Some businesses—no matter its size or industry—are inherently difficult to find a solution when problems arise. The Rainmaker can see the problem—a fall in sales or management ineptitude—but the true issue is to find a reason for such a problem and thus find a solution to resolve the problem. In today’s complex mesh of cross-border business, varying language and cultural barriers, different corporate and state laws and forex intricacies, it can be a daunting task to find where the problem lies, which is the starting point. Once The Rainmaker find the problem and reason for the cause in the first place he or she still have to establish the right strategy to resolve the problem, which could be poor management decisions, technical difficulties, and inadequate financial systems to correct undesired financial outcomes.
In numerous instances, a concise course of action to resolve identified problems is not easily determined, and The Rainmaker is called in to conduct troubleshooting methodologies.
This chapter looks at some methods to help you to identify possible solutions. It must be stated that human behavior does tend to complicate the identification and implementation that is required to find solutions. There are many times when a simple error in judgment caused the mistake, but managers try and cover up their error, which makes it difficult (and costly) for Rainmakers, who do not take shortcuts, to resolve the problem.
Note that, given the vastness of this topic, we are limiting troubleshooting to financial difficulties.
Identifying the Problem
The financial performance of any business can be assessed using three well-known concepts: profitability, liquidity, and solvency.
This is the most important determinant of your company’s long-term business success. In the long run, managers must earn a competitive return on these contributed resources if the business is to continue to prosper and expand. They need to continually assess the relative cost of sales, factors influencing gross profit margins, interest rates, tax rates and level of depreciation.
However, without short-term strategies and cash-flow management, there is no long term. Effectively, managers need to balance strain on cash flow with proposed plans to launch new products. In the short run, managers must earn returns to pay for variable costs, and, if not possible, then short-term solutions are needed to avoid supplier or customer legal actions.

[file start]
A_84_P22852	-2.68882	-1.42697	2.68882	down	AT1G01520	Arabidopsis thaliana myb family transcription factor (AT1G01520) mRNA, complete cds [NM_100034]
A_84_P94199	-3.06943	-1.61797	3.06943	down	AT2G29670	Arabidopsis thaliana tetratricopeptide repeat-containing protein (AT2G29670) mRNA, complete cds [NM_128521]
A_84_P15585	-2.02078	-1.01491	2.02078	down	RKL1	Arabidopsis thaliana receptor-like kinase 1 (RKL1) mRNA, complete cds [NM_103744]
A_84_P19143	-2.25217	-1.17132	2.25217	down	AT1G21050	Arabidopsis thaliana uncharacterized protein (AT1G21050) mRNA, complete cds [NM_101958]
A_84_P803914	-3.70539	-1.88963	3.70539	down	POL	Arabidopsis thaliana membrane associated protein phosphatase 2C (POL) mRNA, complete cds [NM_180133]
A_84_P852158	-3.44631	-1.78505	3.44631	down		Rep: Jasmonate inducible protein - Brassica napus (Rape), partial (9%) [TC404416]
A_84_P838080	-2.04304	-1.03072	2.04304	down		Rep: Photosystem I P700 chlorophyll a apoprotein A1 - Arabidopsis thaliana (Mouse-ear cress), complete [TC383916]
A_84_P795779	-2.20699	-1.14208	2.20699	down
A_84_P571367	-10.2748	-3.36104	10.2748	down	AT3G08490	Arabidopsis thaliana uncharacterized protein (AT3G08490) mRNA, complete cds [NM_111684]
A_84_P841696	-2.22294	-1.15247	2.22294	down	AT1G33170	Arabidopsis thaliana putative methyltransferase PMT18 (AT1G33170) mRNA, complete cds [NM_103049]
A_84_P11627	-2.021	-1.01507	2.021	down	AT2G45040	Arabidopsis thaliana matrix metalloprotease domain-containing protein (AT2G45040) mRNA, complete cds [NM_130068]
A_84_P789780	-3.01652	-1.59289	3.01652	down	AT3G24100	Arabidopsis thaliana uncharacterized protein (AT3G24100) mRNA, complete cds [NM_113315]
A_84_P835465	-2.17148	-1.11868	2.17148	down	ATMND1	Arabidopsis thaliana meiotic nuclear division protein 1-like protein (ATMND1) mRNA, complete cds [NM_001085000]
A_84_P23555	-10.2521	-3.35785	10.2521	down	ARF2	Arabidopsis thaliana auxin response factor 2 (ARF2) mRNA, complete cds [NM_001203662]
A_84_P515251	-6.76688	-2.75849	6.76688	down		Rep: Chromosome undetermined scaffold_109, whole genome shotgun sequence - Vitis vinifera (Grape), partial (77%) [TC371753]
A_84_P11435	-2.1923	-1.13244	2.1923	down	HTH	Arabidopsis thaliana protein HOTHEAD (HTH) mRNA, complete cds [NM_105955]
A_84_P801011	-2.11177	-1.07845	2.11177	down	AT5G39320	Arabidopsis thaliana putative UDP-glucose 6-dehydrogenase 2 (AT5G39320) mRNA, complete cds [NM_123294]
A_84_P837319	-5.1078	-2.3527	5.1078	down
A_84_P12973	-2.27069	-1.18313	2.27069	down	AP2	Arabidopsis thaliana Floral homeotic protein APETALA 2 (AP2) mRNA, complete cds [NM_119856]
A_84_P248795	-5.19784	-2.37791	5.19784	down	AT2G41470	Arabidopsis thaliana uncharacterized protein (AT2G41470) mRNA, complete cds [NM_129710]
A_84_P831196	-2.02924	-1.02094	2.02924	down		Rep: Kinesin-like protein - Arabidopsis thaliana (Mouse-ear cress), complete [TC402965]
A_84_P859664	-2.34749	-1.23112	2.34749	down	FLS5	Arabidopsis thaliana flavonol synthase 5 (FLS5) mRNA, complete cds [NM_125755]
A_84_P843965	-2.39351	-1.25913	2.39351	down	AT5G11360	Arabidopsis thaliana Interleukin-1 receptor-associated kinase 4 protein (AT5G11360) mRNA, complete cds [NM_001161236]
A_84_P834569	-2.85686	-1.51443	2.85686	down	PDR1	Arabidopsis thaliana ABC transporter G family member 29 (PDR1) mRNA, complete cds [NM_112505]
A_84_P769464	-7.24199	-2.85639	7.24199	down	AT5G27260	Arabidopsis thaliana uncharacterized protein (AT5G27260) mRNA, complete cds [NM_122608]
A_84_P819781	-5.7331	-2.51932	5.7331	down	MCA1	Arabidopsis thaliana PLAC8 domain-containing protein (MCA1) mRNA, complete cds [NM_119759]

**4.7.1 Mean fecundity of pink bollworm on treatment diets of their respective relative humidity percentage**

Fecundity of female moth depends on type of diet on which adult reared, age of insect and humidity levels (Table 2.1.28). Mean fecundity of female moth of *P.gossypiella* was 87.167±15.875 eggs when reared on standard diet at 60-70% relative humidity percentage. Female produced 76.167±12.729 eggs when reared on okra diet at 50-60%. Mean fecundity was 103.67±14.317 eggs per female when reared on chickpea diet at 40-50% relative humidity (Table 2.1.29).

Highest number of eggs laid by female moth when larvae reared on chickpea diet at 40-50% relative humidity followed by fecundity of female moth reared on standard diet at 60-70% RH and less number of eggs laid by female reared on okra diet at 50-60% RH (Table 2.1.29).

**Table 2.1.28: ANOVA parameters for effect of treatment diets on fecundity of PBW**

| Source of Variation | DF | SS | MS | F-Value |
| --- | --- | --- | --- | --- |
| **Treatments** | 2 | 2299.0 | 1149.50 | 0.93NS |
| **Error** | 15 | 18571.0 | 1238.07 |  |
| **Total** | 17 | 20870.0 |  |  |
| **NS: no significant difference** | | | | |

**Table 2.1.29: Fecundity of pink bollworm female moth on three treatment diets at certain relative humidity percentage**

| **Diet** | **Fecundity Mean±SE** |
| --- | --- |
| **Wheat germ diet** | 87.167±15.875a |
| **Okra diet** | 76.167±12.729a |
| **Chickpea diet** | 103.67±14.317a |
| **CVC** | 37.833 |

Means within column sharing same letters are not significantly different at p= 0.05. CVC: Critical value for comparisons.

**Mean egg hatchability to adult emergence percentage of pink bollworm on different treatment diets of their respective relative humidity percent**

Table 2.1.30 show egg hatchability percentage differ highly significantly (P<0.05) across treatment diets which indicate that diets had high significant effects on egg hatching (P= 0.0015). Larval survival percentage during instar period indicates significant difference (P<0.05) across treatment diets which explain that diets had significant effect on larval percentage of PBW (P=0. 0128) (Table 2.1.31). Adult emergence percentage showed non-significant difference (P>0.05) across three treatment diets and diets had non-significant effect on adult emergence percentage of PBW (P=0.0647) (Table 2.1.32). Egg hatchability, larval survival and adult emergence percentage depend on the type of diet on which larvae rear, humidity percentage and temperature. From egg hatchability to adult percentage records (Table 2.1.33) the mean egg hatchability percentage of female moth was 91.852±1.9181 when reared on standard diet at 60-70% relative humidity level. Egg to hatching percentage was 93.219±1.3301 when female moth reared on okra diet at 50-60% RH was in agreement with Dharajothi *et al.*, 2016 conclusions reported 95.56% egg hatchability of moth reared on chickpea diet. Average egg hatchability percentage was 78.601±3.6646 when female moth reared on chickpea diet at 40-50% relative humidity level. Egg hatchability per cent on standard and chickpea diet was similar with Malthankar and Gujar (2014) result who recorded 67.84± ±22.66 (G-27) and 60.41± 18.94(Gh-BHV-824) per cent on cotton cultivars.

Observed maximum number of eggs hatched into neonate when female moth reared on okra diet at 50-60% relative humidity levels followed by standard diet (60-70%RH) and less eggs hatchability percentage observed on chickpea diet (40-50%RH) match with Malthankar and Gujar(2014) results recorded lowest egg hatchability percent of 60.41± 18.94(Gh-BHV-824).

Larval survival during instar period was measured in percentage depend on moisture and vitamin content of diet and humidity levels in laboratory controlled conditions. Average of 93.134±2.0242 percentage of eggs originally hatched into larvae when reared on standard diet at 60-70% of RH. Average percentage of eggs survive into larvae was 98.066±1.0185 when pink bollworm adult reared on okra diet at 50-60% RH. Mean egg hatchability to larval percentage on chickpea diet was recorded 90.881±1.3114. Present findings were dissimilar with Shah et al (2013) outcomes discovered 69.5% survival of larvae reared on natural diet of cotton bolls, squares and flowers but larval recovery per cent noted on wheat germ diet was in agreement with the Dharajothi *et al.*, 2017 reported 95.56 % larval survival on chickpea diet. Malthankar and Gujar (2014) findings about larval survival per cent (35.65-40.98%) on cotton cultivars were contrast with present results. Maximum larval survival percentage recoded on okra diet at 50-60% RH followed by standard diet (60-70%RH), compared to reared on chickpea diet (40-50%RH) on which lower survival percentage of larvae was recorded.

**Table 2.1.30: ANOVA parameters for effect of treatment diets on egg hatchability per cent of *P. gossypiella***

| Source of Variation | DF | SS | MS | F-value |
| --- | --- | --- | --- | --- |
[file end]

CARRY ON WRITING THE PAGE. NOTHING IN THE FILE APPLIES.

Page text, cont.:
Liquidity refers to a business’ ability to pay short-term debt
While profitability and liquidity are related concepts, many make the mistake to assume that they are the same. Unlike profit, cash flow includes loan repayments but does not include profitability factors such as depreciation, revalued inventory, or capital gains and losses.
Liquidity is thus best measured with cash-flow statements.
Solvency refers to the ability of your business to manage debt during adverse economic and market conditions. In fact, it is synonymous with owner equity. From a Rainmaker point of view, the latter serves as a source of security when acquiring debt capital during difficult economic conditions. The Rainmaker always looks at the factors that influence the company’s debt (gearing) ratio.
Solvency also indicates your business’ risk-bearing ability and is measured using a balance sheet.
To make matters worse, businesses find themselves in that predicament for more than one reason. Consultants, together with forensic auditors, will tell you that it is rare to find a situation where financial problems are caused by only one error. While financial difficulties tend to result in weakening profitability, liquidity, or solvency, the underlying cause generally tends to be associated with poor (or falling) efficiency, economy of scale of the business, and debt structure.